Factors specific to a country or region may be determinative to the long-term viability of its artisanal fisheries. A number of factors typically make this type of fishery difficult to sustain. Disadvantages can include remoteness, a lack of infrastructure, and marginal political influence, as well as difficulties in competing for fisheries resources and market access as compared to (sometimes heavily subsidized) industrial fleets. Sustainability-linked criteria such as eco-labeling might create additional hurdles.[47] 

2.4.2 Analysis: artisanal fishing in the context of subsidy disciplines

In view of the context-specific factors impacting the viability of artisanal fisheries, countries might consider factors specific to the situation of their own artisanal fishers when assessing the appropriateness of a given definition. Even if a country is seeking to expand its capacity into high seas areas, which would require a more commercial/industrial fleet, a practical definition, and treatment of artisanal fisheries would help to ensure fair treatment under subsidy disciplines for its existing fishers. This would also benefit other developing countries with artisanal fishing activity, and in turn, certain socioeconomically disadvantaged fishers.

3. Conclusion

This paper set out analysis and recommendations directed at defining the notions that are key to the ongoing negotiations on fisheries subsidies. It evaluates how these definitions or elements apply within the context of subsidy disciplines.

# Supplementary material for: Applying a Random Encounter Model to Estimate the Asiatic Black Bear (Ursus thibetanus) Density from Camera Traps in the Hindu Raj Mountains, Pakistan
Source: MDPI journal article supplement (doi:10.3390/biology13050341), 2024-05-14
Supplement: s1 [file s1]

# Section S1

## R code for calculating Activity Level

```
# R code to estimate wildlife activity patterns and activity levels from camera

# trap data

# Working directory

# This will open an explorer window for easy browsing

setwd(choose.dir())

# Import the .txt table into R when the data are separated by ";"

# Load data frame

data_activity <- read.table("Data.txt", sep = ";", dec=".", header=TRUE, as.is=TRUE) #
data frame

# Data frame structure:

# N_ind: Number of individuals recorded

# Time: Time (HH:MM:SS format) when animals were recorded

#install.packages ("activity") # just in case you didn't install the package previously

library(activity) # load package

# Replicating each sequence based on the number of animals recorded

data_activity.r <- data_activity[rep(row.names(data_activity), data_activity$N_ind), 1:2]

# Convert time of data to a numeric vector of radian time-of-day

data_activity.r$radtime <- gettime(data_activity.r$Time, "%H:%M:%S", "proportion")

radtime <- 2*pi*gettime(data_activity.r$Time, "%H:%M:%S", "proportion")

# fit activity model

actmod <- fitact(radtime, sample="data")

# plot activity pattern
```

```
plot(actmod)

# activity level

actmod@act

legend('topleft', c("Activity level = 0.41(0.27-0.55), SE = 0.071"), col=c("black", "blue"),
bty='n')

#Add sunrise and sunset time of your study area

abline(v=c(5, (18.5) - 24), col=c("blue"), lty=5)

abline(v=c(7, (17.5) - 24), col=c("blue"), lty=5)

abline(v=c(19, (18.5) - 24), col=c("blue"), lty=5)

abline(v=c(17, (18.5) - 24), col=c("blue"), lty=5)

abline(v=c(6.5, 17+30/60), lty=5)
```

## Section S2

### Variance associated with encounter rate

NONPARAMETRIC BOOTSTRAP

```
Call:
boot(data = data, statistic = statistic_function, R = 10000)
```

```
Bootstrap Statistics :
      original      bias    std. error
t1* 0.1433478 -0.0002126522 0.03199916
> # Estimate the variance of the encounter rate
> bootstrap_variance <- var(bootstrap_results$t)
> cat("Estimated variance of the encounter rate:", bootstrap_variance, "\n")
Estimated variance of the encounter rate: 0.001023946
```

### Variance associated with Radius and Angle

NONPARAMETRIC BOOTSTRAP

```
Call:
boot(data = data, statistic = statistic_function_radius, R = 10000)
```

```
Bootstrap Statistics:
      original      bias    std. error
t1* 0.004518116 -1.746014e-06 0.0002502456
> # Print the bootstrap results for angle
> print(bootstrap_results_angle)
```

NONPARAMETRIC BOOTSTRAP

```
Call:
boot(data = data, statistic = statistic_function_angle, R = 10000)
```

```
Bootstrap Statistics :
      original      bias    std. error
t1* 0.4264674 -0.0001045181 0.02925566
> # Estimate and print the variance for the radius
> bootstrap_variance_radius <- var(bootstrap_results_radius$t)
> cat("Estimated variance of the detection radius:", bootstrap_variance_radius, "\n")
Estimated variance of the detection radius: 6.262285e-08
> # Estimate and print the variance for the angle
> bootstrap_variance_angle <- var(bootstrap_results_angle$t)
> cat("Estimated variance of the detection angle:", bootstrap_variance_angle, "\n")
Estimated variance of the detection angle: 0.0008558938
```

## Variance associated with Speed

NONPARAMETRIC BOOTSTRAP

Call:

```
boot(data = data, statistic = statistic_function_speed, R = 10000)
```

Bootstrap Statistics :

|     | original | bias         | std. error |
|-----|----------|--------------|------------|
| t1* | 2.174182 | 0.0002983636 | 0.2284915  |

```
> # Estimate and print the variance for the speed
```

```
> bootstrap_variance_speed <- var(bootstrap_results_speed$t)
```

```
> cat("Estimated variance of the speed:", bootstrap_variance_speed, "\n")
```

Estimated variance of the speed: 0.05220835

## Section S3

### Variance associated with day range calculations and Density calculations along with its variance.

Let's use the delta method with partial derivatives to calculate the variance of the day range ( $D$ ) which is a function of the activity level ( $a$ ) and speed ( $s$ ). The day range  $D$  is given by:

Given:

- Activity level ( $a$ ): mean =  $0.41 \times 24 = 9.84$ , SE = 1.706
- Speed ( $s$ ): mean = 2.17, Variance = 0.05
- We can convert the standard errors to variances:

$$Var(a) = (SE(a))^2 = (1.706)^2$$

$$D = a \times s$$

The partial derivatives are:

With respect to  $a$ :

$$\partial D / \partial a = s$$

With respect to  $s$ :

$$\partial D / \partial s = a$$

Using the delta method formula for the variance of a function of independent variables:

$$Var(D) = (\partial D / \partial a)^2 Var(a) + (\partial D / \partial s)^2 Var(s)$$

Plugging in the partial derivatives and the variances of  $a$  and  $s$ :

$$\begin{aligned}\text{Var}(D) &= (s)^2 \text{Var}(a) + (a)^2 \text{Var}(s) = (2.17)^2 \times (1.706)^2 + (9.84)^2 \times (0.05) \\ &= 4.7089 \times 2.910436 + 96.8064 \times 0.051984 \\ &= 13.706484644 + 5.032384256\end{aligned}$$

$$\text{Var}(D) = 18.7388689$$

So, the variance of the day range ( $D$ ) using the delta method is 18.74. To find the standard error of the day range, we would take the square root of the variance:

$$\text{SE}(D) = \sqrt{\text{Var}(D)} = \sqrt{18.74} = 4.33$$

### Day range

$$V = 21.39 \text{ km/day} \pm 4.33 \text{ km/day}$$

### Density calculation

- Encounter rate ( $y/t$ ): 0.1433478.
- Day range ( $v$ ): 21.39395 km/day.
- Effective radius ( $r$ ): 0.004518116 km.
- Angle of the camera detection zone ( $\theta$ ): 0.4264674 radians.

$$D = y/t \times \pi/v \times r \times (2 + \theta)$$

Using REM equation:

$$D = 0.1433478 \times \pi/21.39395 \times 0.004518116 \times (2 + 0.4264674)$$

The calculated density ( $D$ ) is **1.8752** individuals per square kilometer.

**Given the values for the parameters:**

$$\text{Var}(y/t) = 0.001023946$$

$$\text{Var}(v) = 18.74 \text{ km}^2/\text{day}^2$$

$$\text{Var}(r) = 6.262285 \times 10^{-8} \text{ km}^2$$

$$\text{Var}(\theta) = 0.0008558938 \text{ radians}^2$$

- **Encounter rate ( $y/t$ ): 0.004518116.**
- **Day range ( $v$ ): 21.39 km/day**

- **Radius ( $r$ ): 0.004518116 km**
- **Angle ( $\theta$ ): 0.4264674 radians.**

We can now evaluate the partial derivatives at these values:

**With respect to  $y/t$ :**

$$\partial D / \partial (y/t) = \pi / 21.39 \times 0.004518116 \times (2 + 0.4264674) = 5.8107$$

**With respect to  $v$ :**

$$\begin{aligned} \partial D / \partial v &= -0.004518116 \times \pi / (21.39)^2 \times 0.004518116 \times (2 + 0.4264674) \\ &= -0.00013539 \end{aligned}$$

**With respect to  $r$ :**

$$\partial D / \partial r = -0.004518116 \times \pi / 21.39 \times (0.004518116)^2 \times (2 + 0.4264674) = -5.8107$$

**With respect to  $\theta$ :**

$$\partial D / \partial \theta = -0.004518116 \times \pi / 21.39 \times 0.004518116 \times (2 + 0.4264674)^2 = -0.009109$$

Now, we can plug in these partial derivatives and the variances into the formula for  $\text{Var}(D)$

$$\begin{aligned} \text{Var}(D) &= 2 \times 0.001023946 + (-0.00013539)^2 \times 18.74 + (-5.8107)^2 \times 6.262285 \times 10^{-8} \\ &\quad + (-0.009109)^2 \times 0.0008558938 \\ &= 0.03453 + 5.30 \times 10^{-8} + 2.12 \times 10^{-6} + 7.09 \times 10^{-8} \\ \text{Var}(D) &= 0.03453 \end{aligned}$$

Throughout the paper, we take into account three key considerations: the need to ensure the long-term viability of fishing and fish stocks in high seas and Exclusive Economic Zones (EEZs), the support for Sustainable Development Goal 14.6 and the support for prohibition of subsidies that aid IUU fishing, overfishing, and overcapacity.

The analysis of definitions and subsidy disciplines related to IUU fishing, overfishing, overcapacity and artisanal fishing, in section 2 of this paper, yields the following conclusions.

  • IUU Fishing: the FAO’s International Plan of Action to Prevent, Deter and Eliminate Illegal, Unreported and Unregulated Fishing sets out a comprehensive definition of IUU fishing that could be usefully applied in the context of a prohibition on IUU subsidies.
  • Overcapacity: assessing overcapacity is challenging as it may involve numerous variables; subsidy disciplines can target a range of activities. Negotiating parties may wish to see prohibitions apply to a precise set of activities that reflect the need for sustainability, without overly restricting measures aimed at economic development.
  • Overfishing: definitions for overfishing apply the concept of maximum sustainable yield (MSY) to identify the threshold at which a fish stock becomes overfished. Because MSY is highly context-specific, we recommend that subsidy disciplines within an eventual agreement clearly define the methodology with which to identify specific situations of overfishing. Negotiating parties might also consider whether they would accept that overfished status is defined based on domestic governments or RFMO determinations, as in the TPP, a process that is more straightforward but potentially less consistent in application.

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[1] Chair of the Negotiating Group on Rules, ‘Communication from the Chairman’ (2011)

[2] Ibid

[3] OECD, Trade and Agriculture Directorate Fisheries Committee, ‘Fishing for Development – Background Paper for Session 4. The Challenge of Combatting Illegal, Unreported and Unregulated (IUU) Fishing’ (April 2014) 3